std::set<int> set;

	set.insert(15);

	std::cout << set.size() << " ";

	auto ri = set.rbegin();

	auto i1 = --ri.base();

	auto i2 = --set.end();

	assert(i1 == i2);

	set.erase(i1);

	std::cout << set.size() << std::endl;
}

The output is ‘0 1’. The key point here is that the reverse iterator is an adaptor for reverse-order traversal that can be created from forward iterator with std::make_reverse_iterator.

An example of how GCC thread sanitizer works.

The following simple code C++ example can be used for investigation of how GCC thread sanitizer works:

#include <mutex>
#include <atomic>
#include <iostream>
#include <thread>

std::mutex mutex;
int a = 3;
const size_t size = 1000 * 1000;
std::atomic<int> b(1);

void testA()
{
	for (size_t counter = 0; counter < size; counter++)
	{
		++b;
		std::unique_lock<std::mutex> lock(mutex);
		++a;
	}
}

void testB()
{
	for (size_t counter = 0; counter < size; counter++)
	{
		--b;
		std::unique_lock<std::mutex> lock(mutex);
		--a;
	}
}

int main()
{
	std::thread t1(testA);
	std::thread t2(testB);
	t1.join();
	t2.join();
}

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Multiple views with OsgQtQuick

I wrote a sample application using OsgQtQuick that shows the Earth in two views:

with the following QML, that I copied from OsgQtQuick samples:

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A sample C++ code demonstrating why int is not atomic

The code below demonstrates why it is not guaranteed that 4-byte value being written by another thread is read either as original or final, but it can be read “partially written”:

static constexpr int offset=2;
alignas(64) char vars[64+4-offset];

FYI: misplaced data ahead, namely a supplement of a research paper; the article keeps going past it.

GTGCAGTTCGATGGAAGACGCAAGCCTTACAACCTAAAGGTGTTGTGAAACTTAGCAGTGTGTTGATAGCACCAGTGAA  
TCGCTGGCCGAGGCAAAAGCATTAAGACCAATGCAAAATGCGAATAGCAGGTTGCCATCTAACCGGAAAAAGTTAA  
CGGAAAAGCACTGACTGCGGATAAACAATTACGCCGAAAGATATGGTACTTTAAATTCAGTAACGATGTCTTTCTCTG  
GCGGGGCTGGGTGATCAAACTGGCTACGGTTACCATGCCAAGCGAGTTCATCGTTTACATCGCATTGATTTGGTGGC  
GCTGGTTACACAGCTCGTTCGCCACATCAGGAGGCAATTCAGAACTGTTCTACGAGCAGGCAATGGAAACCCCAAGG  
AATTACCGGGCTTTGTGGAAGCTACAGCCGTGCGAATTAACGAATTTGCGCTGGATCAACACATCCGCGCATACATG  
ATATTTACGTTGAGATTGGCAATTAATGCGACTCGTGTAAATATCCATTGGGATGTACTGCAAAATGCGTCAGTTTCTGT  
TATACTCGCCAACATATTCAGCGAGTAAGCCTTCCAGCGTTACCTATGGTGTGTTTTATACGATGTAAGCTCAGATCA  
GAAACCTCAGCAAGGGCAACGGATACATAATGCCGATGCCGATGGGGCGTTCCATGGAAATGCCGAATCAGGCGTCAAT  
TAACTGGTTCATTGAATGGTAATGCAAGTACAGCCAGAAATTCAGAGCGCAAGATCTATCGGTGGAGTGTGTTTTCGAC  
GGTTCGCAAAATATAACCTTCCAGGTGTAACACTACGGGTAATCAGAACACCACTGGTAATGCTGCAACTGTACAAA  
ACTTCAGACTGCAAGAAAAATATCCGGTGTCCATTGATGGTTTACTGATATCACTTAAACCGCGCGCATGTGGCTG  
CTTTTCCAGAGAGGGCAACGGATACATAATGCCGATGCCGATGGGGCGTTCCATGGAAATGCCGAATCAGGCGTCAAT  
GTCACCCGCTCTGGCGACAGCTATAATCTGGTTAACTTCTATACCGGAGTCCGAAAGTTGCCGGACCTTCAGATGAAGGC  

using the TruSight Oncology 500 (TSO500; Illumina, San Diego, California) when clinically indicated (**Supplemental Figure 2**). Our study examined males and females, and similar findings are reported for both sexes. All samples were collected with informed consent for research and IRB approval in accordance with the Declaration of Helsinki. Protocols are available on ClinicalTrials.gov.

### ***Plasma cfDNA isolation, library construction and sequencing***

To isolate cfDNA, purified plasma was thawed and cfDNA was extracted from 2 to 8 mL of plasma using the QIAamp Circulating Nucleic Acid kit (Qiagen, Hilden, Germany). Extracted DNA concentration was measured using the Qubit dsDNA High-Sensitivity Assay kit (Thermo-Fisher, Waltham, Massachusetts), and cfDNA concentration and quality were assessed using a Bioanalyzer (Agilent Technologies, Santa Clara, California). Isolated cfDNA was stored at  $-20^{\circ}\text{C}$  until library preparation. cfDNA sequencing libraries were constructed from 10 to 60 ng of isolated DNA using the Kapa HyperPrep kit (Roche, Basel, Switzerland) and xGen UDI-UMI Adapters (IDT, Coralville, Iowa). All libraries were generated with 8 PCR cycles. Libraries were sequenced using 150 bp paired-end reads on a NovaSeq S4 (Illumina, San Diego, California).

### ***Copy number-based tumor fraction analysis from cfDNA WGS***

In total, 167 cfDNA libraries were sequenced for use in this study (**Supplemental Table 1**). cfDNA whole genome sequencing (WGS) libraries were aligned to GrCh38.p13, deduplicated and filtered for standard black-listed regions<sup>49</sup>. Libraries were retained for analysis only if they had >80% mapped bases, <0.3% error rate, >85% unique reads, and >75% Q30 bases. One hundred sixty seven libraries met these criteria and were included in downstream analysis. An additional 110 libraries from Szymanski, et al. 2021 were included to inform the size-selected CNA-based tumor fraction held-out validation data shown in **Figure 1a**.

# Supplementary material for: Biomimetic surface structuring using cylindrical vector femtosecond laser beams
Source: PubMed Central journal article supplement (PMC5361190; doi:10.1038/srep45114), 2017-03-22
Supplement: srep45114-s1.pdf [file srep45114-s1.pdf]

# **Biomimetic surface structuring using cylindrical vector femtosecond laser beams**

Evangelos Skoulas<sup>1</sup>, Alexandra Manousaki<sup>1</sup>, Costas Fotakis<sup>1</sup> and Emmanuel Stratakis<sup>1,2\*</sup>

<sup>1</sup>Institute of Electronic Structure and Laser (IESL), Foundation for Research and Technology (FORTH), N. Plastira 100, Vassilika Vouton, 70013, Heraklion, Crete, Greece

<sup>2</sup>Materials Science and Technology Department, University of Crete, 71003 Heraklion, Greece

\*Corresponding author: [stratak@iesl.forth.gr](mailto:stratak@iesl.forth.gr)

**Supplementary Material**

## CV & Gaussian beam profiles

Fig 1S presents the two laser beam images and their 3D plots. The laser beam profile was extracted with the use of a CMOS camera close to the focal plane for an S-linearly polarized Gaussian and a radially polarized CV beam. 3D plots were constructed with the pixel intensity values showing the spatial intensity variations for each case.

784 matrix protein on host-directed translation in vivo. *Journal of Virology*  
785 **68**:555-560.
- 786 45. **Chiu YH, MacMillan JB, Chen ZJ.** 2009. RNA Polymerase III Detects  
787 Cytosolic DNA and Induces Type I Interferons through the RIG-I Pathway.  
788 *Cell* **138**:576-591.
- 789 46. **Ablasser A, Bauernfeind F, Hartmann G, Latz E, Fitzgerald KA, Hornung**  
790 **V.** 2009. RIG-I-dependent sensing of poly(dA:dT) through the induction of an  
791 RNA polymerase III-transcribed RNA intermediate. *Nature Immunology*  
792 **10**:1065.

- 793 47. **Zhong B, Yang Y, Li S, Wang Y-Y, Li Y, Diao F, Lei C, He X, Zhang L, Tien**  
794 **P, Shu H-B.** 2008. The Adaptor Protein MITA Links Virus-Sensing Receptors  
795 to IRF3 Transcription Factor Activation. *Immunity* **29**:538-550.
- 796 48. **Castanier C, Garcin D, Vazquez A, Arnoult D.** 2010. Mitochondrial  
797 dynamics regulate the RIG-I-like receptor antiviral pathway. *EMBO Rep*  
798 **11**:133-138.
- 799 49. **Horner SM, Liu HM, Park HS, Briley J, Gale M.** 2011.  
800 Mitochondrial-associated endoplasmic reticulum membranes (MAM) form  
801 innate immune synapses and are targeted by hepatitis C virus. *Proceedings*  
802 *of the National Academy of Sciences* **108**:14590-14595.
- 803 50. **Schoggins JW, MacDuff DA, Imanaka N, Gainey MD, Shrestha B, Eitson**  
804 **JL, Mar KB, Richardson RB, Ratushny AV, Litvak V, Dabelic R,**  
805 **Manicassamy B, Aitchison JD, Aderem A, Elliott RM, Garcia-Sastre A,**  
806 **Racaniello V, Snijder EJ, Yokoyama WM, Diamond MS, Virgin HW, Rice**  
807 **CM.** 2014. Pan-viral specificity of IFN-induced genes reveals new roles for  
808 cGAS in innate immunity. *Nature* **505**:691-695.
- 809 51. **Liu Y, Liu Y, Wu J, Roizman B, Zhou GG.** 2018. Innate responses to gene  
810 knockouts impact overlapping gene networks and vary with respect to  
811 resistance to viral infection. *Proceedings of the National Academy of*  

static volatile unsigned * const p = reinterpret_cast<unsigned *>(&vars[64-offset]);

unsigned getVar()
{
    return *p;
}

void loop()
{
    while(true)
    {
        *p = -1;
        *p = 0;
    }
}

#include <thread>
#include <iostream>
#include <iomanip>
#include <cstdlib>
#include <map>

int main()
{
    std::thread thread(loop);
    std::map<unsigned,int> xs;
    for(int i=0;i<10000000;++i)
    {
        const auto x=getVar();
        ++xs[x];
    }
    for(const auto& x : xs)
        std::cout << std::setfill('0') << std::setw(8) << std::hex << x.first << ": " << std::dec << x.second << " times\n";
    std::exit(0); // exit, killing the thread without abnormal termination via std::terminate
}

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Numeric promotions and conversions in C++

In the following C++ code the values of ‘z’ and ‘n’ are undefined, because they are the result of an operation with signed integer arithmetic overflow (‘x’ and ‘y’ are first implicitly converted to signed int). The value of ‘w’ is implementation defined, because it is the result of a conversion:

#include <iostream>
#include <bitset>

int main(int argc, char *argv[])
{
    unsigned short x = 65535, y = x;
    unsigned short z = x * y;
    unsigned int n = x * y;
    std::cerr << "z = " << std::bitset<16>(z) << ", n = " << std::bitset<32>(n) << ", sizeof(int) = " << sizeof(int) << std::endl;

    short w = 0x80000000;
    
    return 0;
}

see Numeric conversions section of Implicit conversions article.

Comparison of std::mutex and std::atomic performance

The following C++ code compares the performance of std::atomic and std::mutex:

#include <atomic>
#include <mutex>
#include <iostream>
#include <chrono>
#include <thread>

const size_t size = 100000000;
std::mutex mutex;
bool var = false;

typedef std::chrono::high_resolution_clock Clock;

void testA()
{
    std::atomic<bool> sync(true);
    const auto start_time = Clock::now();
    for (size_t counter = 0; counter < size; counter++)
    {
        var = sync.load();
        //sync.store(true);
        //sync.exchange(true);
    }
    const auto end_time = Clock::now();
    std::cout << 1e-6*std::chrono::duration_cast<std::chrono::microseconds>(end_time - start_time).count() << " s\n";
}